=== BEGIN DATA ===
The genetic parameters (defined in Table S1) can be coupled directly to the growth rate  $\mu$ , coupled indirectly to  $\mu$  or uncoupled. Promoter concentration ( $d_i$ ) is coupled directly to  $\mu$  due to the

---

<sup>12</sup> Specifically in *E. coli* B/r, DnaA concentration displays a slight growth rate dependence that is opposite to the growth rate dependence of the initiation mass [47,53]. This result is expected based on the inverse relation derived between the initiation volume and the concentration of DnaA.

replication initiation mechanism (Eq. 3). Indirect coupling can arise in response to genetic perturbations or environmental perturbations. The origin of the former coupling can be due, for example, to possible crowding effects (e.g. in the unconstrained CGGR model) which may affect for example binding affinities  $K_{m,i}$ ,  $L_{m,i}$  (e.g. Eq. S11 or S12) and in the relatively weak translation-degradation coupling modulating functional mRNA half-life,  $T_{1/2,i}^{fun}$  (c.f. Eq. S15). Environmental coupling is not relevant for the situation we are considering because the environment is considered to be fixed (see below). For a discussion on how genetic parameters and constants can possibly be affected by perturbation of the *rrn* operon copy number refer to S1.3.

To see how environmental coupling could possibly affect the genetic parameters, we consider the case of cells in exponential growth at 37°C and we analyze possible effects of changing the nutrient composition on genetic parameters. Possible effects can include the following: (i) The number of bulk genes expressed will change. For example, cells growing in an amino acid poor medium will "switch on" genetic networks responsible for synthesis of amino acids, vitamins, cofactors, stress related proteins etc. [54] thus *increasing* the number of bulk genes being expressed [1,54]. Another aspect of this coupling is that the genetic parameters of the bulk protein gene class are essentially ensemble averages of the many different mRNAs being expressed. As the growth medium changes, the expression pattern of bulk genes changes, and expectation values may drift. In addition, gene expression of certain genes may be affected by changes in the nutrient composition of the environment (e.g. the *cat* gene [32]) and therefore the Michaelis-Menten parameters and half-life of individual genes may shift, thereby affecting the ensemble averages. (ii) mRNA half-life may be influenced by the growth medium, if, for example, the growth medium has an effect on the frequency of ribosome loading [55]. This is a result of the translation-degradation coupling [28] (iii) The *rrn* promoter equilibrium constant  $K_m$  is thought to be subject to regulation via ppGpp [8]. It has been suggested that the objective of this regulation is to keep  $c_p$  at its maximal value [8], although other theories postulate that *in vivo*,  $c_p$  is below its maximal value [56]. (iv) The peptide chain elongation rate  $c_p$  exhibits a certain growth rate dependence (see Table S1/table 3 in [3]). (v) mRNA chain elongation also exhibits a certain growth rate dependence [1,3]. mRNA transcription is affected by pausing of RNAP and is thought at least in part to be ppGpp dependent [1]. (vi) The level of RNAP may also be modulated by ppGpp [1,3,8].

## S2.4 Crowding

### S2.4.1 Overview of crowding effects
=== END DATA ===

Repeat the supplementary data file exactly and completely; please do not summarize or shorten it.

The genetic parameters (defined in Table S1) can be coupled directly to the growth rate  $\mu$ , coupled indirectly to  $\mu$  or uncoupled. Promoter concentration ( $d_i$ ) is coupled directly to  $\mu$  due to the

---

<sup>12</sup> Specifically in *E. coli* B/r, DnaA concentration displays a slight growth rate dependence that is opposite to the growth rate dependence of the initiation mass [47,53]. This result is expected based on the inverse relation derived between the initiation volume and the concentration of DnaA.

replication initiation mechanism (Eq. 3). Indirect coupling can arise in response to genetic perturbations or environmental perturbations. The origin of the former coupling can be due, for example, to possible crowding effects (e.g. in the unconstrained CGGR model) which may affect for example binding affinities  $K_{m,i}$ ,  $L_{m,i}$  (e.g. Eq. S11 or S12) and in the relatively weak translation-degradation coupling modulating functional mRNA half-life,  $T_{1/2,i}^{fun}$  (c.f. Eq. S15). Environmental coupling is not relevant for the situation we are considering because the environment is considered to be fixed (see below). For a discussion on how genetic parameters and constants can possibly be affected by perturbation of the *rrn* operon copy number refer to S1.3.

To see how environmental coupling could possibly affect the genetic parameters, we consider the case of cells in exponential growth at 37°C and we analyze possible effects of changing the nutrient composition on genetic parameters. Possible effects can include the following: (i) The number of bulk genes expressed will change. For example, cells growing in an amino acid poor medium will "switch on" genetic networks responsible for synthesis of amino acids, vitamins, cofactors, stress related proteins etc. [54] thus *increasing* the number of bulk genes being expressed [1,54]. Another aspect of this coupling is that the genetic parameters of the bulk protein gene class are essentially ensemble averages of the many different mRNAs being expressed. As the growth medium changes, the expression pattern of bulk genes changes, and expectation values may drift. In addition, gene expression of certain genes may be affected by changes in the nutrient composition of the environment (e.g. the *cat* gene [32]) and therefore the Michaelis-Menten parameters and half-life of individual genes may shift, thereby affecting the ensemble averages. (ii) mRNA half-life may be influenced by the growth medium, if, for example, the growth medium has an effect on the frequency of ribosome loading [55]. This is a result of the translation-degradation coupling [28] (iii) The *rrn* promoter equilibrium constant  $K_m$  is thought to be subject to regulation via ppGpp [8]. It has been suggested that the objective of this regulation is to keep  $c_p$  at its maximal value [8], although other theories postulate that *in vivo*,  $c_p$  is below its maximal value [56]. (iv) The peptide chain elongation rate  $c_p$  exhibits a certain growth rate dependence (see Table S1/table 3 in [3]). (v) mRNA chain elongation also exhibits a certain growth rate dependence [1,3]. mRNA transcription is affected by pausing of RNAP and is thought at least in part to be ppGpp dependent [1]. (vi) The level of RNAP may also be modulated by ppGpp [1,3,8].

## S2.4 Crowding

### S2.4.1 Overview of crowding effects